Orchids have different types of shoot: rhizone, tuber, stem or pseudo bulb. They also have different kinds of leaves: Anoectochilus regalis (locally called 'Wanah Rajah' or 'Forest King') of Sri Lanka, has ovate elliptic leaves two and a half inch long, one and a half inch wide.  The leaves have a velvety surface, are shining bronze green in color and the venation is a glittering golden tracery. Macodes petola (found in Sumatra, Java and Borneo) has emerald green leaves that while reflecting light, has a crystal-like effect on the surface which glitters and sparkles. In addition, the golden network of veins contrasts with the shiny green background. In general, Anoectochilus, Goodyera, Ludisia and Macodes genera have the most colorful and glittering leaves.

However, flowers alone make orchids interesting and lend them their beauty, uniqueness and value.  Color of the flowers is undoubtedly the orchids' greatest charm. Unlike most other plants, in orchids, there is no color missing from the range.  Blue, rarest color among flowers, is present in attractive shades, such as is found in Vanda coerulea and Disa graminifolia. However, it is not the basic color and is more often found as the color of a part of the flower or its markings. The labella of Cattleya has a luxurious deep velvet color.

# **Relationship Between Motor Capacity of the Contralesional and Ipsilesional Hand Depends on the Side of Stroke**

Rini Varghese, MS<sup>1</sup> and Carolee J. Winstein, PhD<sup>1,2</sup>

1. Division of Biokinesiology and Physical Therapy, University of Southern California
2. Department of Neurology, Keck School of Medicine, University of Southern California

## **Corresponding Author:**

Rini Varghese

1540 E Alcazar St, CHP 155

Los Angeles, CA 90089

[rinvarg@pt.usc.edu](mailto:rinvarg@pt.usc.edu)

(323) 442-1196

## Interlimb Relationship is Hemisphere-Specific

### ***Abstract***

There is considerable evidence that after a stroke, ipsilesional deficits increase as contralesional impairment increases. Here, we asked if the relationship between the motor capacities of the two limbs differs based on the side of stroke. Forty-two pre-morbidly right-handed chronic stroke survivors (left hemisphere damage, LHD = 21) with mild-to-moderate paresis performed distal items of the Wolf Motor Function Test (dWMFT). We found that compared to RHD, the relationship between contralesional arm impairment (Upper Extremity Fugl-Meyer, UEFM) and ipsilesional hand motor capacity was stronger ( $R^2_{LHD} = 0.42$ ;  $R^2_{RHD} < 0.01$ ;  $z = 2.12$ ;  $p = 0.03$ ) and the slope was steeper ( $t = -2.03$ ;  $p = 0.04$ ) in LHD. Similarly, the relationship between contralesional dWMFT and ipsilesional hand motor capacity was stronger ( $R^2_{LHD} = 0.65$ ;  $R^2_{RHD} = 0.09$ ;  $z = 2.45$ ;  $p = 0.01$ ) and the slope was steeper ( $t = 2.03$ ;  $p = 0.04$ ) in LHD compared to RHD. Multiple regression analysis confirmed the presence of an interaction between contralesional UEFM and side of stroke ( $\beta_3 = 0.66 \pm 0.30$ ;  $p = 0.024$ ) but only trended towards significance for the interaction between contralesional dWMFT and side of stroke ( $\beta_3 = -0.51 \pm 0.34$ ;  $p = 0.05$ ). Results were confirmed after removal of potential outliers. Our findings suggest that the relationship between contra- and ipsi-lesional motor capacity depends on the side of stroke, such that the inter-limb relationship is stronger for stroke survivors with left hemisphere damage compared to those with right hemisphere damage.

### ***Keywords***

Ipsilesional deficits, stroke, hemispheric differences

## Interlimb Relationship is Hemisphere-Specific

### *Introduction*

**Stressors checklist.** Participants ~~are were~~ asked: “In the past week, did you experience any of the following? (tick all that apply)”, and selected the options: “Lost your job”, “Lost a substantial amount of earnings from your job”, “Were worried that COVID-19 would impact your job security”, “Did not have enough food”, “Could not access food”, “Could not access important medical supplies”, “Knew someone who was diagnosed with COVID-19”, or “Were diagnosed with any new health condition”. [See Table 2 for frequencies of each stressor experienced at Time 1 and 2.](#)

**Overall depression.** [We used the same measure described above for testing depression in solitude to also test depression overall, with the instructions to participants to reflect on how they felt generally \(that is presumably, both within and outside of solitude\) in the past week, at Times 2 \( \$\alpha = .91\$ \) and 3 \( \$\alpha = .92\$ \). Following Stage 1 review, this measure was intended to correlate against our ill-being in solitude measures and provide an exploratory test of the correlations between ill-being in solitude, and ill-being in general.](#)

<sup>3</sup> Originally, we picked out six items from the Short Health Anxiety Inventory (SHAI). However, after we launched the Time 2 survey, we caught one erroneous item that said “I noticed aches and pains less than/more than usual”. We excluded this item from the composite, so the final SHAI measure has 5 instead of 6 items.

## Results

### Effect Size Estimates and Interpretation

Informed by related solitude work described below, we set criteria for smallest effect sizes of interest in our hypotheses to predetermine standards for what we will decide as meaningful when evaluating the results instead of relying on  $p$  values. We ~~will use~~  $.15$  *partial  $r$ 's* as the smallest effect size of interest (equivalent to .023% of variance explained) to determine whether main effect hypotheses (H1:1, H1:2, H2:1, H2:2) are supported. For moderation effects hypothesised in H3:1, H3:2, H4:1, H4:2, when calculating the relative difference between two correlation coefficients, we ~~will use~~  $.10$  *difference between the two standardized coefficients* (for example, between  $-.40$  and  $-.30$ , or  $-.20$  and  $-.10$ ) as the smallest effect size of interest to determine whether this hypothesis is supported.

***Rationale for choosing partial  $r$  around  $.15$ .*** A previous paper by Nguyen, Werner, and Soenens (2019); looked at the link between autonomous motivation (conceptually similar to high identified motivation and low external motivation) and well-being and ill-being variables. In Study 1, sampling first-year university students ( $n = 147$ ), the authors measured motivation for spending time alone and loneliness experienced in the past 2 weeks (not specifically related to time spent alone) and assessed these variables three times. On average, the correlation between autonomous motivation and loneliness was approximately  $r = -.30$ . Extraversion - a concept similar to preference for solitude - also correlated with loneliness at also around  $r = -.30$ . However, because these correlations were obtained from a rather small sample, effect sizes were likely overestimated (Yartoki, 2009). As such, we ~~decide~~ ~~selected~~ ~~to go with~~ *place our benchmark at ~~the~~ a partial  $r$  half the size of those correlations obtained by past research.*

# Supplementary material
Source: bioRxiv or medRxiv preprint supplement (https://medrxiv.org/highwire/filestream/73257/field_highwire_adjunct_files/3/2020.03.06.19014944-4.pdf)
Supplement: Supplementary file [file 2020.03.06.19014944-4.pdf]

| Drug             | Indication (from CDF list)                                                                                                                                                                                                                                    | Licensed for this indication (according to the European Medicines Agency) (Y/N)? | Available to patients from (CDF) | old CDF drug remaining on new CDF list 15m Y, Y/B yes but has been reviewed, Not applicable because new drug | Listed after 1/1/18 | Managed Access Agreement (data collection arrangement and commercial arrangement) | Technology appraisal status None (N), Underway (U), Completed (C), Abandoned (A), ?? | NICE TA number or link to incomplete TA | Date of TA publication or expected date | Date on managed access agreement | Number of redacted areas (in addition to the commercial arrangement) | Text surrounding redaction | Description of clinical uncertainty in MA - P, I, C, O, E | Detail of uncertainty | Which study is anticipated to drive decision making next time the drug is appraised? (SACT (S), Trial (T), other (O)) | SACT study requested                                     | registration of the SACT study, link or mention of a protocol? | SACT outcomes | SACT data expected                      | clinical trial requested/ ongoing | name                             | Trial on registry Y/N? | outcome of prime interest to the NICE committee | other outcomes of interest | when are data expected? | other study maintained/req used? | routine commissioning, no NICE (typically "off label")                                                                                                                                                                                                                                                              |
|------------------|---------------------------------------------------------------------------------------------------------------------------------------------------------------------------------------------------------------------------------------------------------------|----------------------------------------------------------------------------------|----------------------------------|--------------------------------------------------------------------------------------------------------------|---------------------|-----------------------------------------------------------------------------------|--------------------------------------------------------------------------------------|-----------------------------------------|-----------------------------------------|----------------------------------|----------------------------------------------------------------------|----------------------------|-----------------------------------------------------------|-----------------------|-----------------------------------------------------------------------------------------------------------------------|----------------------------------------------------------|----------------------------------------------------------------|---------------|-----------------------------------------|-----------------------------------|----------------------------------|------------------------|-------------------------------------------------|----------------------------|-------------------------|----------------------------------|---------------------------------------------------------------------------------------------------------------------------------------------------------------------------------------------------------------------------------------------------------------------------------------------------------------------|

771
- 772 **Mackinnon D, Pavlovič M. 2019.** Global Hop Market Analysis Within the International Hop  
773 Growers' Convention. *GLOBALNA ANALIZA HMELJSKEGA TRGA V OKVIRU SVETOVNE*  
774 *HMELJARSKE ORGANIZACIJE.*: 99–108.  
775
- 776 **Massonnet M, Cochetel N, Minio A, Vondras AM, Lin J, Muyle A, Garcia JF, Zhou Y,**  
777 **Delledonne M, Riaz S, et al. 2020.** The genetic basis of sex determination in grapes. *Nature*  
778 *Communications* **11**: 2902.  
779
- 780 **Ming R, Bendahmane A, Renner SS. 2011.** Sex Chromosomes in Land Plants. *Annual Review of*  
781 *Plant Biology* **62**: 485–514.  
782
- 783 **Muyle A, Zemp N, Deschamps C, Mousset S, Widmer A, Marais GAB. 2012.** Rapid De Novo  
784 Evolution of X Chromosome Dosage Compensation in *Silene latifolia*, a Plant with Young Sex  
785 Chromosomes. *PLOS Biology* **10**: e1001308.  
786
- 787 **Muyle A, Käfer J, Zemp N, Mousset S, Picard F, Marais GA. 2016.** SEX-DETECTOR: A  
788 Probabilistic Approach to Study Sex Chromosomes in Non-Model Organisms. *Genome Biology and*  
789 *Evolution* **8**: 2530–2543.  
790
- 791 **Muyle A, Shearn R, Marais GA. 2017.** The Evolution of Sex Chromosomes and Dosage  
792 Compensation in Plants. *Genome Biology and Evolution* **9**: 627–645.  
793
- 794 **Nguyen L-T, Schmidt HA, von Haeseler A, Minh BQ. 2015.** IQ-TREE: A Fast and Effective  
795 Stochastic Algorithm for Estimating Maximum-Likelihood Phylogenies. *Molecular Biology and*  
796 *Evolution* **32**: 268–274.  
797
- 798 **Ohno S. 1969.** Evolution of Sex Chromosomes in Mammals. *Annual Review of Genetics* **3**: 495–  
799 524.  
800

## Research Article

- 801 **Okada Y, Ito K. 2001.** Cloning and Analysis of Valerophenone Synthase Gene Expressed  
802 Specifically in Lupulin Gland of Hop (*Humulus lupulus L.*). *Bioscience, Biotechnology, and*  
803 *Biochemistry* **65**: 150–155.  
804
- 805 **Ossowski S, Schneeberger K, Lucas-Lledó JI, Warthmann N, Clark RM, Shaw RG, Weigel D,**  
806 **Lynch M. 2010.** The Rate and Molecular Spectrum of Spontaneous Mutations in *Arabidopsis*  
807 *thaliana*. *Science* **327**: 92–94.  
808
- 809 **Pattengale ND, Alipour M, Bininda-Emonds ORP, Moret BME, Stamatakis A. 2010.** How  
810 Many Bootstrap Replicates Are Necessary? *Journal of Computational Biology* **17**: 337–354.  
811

Red is present in countless shades. Renanthera imschootiana (of Assam) and Cochlioda noezliana (of Peru) and Disa uniflora of South Africa have the most scarlet red of flowers. Lilac shades are frequent in species such as Cattleya, Laelia, Phalaenopsis, Dendrobium, Paphiopedilum etc… and range from almost white to delicate pastels. This group is important in the cut flower industry. Lilac shades keep their 'glow' even under artificial light and often look better in evening light. Cinnabar and orange orchids are prized because of their yellow tones.

Yellow is the most common color in orchids and can range from sunny yellow to brown to rust to practically red. Green is also a fairly common color in orchid flowers. The flower of the Cynoches ventricosum from Guatemala is a light green shade with the white lip providing contrast. Green color is common in Cymbidium, Paphiopedilum, etc… and is often found as spots, patches or stripes on white parts of a flower.